LOYALIST leader David Ervine, who died last week, was on his way to blow up the UDA leadership when he was arrested in 1974. A UVF terrorist, at the time, he was going to use a bomb similar to those used by the organisation in the bombing of Dublin and Monaghan earlier that year.
LOYALIST leader David Ervine, who died last week, was on his way to blow up the UDA leadership when he was arrested in 1974.
A UVF terrorist, at the time, he was going to use a bomb similar to those used by the organisation in the bombing of Dublin and Monaghan earlier that year.
Ervine never publicly admitted that his arrest prevented the bombing of the UDA headquarters. However, in an off-the-record interview for a book on the UVF, he revealed his real intentions.
There had been a bitter split between the two terror groups at the time.
During the feud there were two attempts on Ervine's life. Ervine said he had been double-crossed at a meeting between the UVF and UDA in east Belfast to negotiate a settlement.
"After the meeting I went out, and they had let down my tyres. I went back and put my gun to Billy's belly under the table," he said.
On the second occasion, UDA gunmen were waiting for him outside a pub. He left by a side door and trained his gun on his would-be assassins until they left.
The feud came to an end soon after the UDA leadership learned how close they had come to being wiped out.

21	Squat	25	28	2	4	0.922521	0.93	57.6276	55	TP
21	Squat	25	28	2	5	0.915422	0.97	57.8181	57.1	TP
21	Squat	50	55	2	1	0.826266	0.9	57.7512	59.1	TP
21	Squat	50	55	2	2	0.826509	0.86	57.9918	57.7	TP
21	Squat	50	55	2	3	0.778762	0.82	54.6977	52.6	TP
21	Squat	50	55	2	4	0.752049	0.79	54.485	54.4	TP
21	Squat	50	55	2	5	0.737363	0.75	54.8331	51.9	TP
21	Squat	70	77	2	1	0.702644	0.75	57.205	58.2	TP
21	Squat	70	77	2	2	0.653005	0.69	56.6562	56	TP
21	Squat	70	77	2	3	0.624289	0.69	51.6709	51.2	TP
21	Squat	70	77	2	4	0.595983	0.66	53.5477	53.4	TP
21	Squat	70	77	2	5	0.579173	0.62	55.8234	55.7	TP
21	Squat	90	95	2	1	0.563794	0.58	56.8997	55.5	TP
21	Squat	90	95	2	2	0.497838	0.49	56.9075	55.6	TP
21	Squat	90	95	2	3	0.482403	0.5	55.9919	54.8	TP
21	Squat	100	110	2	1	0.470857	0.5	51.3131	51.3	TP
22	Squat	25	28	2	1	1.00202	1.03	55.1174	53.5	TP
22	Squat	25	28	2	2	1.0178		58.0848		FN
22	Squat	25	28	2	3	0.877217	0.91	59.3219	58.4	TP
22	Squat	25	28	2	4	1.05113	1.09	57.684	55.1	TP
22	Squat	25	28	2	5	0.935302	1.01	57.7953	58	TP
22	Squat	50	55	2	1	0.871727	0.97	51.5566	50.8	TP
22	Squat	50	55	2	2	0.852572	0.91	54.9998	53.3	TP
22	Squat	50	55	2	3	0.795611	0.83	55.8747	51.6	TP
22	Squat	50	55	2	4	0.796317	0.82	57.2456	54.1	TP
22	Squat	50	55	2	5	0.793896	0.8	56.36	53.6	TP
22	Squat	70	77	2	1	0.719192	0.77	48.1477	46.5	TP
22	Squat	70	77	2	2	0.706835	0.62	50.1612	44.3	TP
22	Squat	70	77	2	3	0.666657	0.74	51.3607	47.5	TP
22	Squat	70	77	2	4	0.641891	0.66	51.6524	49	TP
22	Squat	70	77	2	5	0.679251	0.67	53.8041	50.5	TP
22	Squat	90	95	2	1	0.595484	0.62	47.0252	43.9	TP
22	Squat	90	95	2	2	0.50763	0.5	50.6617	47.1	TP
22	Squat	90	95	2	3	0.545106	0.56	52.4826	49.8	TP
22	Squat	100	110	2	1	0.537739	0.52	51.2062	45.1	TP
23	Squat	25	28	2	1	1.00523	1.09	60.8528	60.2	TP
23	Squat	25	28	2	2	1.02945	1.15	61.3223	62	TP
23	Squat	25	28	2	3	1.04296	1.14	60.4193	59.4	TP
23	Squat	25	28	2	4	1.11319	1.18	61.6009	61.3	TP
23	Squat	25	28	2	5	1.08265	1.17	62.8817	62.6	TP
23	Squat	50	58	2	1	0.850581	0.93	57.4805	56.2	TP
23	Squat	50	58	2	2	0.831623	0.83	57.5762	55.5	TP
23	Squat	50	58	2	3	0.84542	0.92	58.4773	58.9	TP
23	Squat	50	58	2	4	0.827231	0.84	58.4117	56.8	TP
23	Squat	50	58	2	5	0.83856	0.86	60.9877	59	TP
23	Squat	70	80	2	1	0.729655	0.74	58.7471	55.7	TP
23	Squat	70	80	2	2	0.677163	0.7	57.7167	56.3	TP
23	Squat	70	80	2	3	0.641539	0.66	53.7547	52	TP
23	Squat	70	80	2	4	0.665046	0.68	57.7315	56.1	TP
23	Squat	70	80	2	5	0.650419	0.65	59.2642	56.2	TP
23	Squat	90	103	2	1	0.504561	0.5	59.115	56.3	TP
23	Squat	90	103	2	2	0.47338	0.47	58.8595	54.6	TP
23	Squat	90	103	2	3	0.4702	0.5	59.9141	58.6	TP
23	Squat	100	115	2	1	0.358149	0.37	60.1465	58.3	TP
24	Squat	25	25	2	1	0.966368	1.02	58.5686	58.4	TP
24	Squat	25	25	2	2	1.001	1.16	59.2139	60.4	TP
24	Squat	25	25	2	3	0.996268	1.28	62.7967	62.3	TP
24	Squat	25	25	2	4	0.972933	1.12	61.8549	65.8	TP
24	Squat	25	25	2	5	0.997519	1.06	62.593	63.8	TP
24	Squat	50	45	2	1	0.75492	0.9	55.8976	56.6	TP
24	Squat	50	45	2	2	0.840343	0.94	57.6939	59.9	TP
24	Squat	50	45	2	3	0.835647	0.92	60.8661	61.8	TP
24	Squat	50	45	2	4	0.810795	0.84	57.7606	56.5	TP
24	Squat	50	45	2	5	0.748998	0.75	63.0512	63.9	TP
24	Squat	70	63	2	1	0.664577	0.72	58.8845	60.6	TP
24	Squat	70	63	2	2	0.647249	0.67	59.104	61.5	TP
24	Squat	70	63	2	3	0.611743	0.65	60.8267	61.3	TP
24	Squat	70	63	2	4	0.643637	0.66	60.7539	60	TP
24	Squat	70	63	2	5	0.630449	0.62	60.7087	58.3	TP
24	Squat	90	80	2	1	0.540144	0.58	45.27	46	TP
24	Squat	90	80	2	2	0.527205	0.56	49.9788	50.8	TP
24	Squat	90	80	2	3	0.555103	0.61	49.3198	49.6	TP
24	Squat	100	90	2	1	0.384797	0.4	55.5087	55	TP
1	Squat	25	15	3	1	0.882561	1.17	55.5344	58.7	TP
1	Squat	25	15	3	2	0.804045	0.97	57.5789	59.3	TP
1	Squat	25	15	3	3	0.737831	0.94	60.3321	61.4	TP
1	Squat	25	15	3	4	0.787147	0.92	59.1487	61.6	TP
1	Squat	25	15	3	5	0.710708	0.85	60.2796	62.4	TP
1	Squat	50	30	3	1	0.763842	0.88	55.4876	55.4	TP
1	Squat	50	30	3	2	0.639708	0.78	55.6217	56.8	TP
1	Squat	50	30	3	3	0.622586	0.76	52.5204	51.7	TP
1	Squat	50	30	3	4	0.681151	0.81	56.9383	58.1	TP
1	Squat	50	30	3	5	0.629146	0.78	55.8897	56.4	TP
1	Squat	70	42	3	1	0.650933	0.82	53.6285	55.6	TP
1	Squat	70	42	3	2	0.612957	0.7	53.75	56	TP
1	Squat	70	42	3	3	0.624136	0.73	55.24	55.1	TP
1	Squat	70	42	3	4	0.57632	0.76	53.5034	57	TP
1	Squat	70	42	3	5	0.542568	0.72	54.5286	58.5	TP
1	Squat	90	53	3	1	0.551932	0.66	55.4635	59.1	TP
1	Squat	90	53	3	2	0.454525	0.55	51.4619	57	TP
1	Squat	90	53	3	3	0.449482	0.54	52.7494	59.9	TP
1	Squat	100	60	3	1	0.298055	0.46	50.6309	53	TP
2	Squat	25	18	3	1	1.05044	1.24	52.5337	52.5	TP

Ervine was one of several expert bomb-makers with the UVF at the time. And despite claims that the British army or RUC colluded in the Dublin and Monaghan bombings, the loyalists deny this, and a former senior RUC source told the Sunday Independent that they arrested UVF men in connection with the atrocities, but Dublin showed no interest in having the men questioned by gardai.
One former senior officer said his officers arrested two of the suspected bombers and held them at Tennant Street RUC Station in west Belfast, on suspicion of stealing and supplying one of the cars used in the Dublin attack. He said he rang Garda Headquarters and asked if they wanted to question the men or seek their extradition.
His contact at Garda Headquarters promised to ring back, but the call never came.
The former RUC officer believed that the Dublin Government did not want to send detectives to Belfast because then they would have to allow RUC detectives travel south to question IRA members suspected of crimes in the North.
He said that at the time there were hundreds of IRA men and women on the run in the Republic, many of them wanted for murder. Extradition was a politically contentious in the Republic.
All members of the small but significant UVF were taught bomb-making skills on joining the organisation and none died in a premature explosion. They were taught to adapt the hand-wound alarm clocks of the type which were used in the Dublin and Monaghan attacks.
Ervine, who was 21 when he was arrested, served five years in prison and when he emerged he had turned against violence. He finished the school studies he had interrupted to join the UVF and gained a degree in social sciences. He never rejoined the UVF and came under the influence of the former UVF leader, Gusty Spence - who himself served a life sentence for murdering a young Catholic man in 1966 - and who later wanted to see a political road forward for loyalists. Spence paid tribute to Ervine last week, saying he had "lost a son".